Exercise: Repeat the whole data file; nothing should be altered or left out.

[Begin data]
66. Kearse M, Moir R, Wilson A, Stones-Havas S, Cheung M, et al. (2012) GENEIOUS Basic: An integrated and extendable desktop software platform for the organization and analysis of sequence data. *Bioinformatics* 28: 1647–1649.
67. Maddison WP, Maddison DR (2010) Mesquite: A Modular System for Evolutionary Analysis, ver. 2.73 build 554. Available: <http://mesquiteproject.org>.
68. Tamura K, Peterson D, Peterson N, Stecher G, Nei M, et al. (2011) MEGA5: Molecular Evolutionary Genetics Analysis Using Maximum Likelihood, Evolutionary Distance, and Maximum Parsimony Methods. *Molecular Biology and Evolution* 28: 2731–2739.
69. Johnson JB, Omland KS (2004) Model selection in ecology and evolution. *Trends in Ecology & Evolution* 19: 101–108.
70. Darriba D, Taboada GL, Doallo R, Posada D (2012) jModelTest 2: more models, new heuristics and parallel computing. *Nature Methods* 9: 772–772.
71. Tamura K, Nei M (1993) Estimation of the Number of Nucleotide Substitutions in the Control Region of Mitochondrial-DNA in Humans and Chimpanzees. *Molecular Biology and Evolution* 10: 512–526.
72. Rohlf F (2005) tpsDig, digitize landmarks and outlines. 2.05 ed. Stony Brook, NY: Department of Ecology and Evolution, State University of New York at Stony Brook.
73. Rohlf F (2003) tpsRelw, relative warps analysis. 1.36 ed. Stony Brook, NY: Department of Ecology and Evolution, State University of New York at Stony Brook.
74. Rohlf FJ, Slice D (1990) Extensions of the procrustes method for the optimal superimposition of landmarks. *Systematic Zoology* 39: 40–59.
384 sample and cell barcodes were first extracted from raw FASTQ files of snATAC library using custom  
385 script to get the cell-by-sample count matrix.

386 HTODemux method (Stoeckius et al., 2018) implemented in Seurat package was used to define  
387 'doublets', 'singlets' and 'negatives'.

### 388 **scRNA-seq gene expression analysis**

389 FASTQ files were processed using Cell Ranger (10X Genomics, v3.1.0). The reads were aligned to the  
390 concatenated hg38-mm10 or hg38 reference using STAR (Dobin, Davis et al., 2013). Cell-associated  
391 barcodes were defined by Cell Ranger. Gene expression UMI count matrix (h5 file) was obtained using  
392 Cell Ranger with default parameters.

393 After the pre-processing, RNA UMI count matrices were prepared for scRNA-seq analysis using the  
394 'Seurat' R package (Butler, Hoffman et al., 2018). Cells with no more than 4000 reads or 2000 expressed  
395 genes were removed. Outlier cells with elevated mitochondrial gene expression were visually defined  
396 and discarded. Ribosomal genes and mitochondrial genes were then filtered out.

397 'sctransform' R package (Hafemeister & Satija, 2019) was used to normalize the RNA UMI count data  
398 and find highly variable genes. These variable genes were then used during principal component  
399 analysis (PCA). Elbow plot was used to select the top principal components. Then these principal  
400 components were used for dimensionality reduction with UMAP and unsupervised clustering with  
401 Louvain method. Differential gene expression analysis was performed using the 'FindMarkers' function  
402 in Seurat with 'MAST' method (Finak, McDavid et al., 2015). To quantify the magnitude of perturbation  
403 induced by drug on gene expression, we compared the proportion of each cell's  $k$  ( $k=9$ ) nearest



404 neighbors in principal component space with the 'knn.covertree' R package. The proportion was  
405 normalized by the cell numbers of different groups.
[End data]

66. Kearse M, Moir R, Wilson A, Stones-Havas S, Cheung M, et al. (2012) GENEIOUS Basic: An integrated and extendable desktop software platform for the organization and analysis of sequence data. *Bioinformatics* 28: 1647–1649.
67. Maddison WP, Maddison DR (2010) Mesquite: A Modular System for Evolutionary Analysis, ver. 2.73 build 554. Available: <http://mesquiteproject.org>.
68. Tamura K, Peterson D, Peterson N, Stecher G, Nei M, et al. (2011) MEGA5: Molecular Evolutionary Genetics Analysis Using Maximum Likelihood, Evolutionary Distance, and Maximum Parsimony Methods. *Molecular Biology and Evolution* 28: 2731–2739.
69. Johnson JB, Omland KS (2004) Model selection in ecology and evolution. *Trends in Ecology & Evolution* 19: 101–108.
70. Darriba D, Taboada GL, Doallo R, Posada D (2012) jModelTest 2: more models, new heuristics and parallel computing. *Nature Methods* 9: 772–772.
71. Tamura K, Nei M (1993) Estimation of the Number of Nucleotide Substitutions in the Control Region of Mitochondrial-DNA in Humans and Chimpanzees. *Molecular Biology and Evolution* 10: 512–526.
72. Rohlf F (2005) tpsDig, digitize landmarks and outlines. 2.05 ed. Stony Brook, NY: Department of Ecology and Evolution, State University of New York at Stony Brook.
73. Rohlf F (2003) tpsRelw, relative warps analysis. 1.36 ed. Stony Brook, NY: Department of Ecology and Evolution, State University of New York at Stony Brook.
74. Rohlf FJ, Slice D (1990) Extensions of the procrustes method for the optimal superimposition of landmarks. *Systematic Zoology* 39: 40–59.
384 sample and cell barcodes were first extracted from raw FASTQ files of snATAC library using custom  
385 script to get the cell-by-sample count matrix.

386 HTODemux method (Stoeckius et al., 2018) implemented in Seurat package was used to define  
387 'doublets', 'singlets' and 'negatives'.

### 388 **scRNA-seq gene expression analysis**

389 FASTQ files were processed using Cell Ranger (10X Genomics, v3.1.0). The reads were aligned to the  
390 concatenated hg38-mm10 or hg38 reference using STAR (Dobin, Davis et al., 2013). Cell-associated  
391 barcodes were defined by Cell Ranger. Gene expression UMI count matrix (h5 file) was obtained using  
392 Cell Ranger with default parameters.

393 After the pre-processing, RNA UMI count matrices were prepared for scRNA-seq analysis using the  
394 'Seurat' R package (Butler, Hoffman et al., 2018). Cells with no more than 4000 reads or 2000 expressed  
395 genes were removed. Outlier cells with elevated mitochondrial gene expression were visually defined  
396 and discarded. Ribosomal genes and mitochondrial genes were then filtered out.

397 'sctransform' R package (Hafemeister & Satija, 2019) was used to normalize the RNA UMI count data  
398 and find highly variable genes. These variable genes were then used during principal component  
399 analysis (PCA). Elbow plot was used to select the top principal components. Then these principal  
400 components were used for dimensionality reduction with UMAP and unsupervised clustering with  
401 Louvain method. Differential gene expression analysis was performed using the 'FindMarkers' function  
402 in Seurat with 'MAST' method (Finak, McDavid et al., 2015). To quantify the magnitude of perturbation  
403 induced by drug on gene expression, we compared the proportion of each cell's  $k$  ( $k=9$ ) nearest



404 neighbors in principal component space with the 'knn.covertree' R package. The proportion was  
405 normalized by the cell numbers of different groups.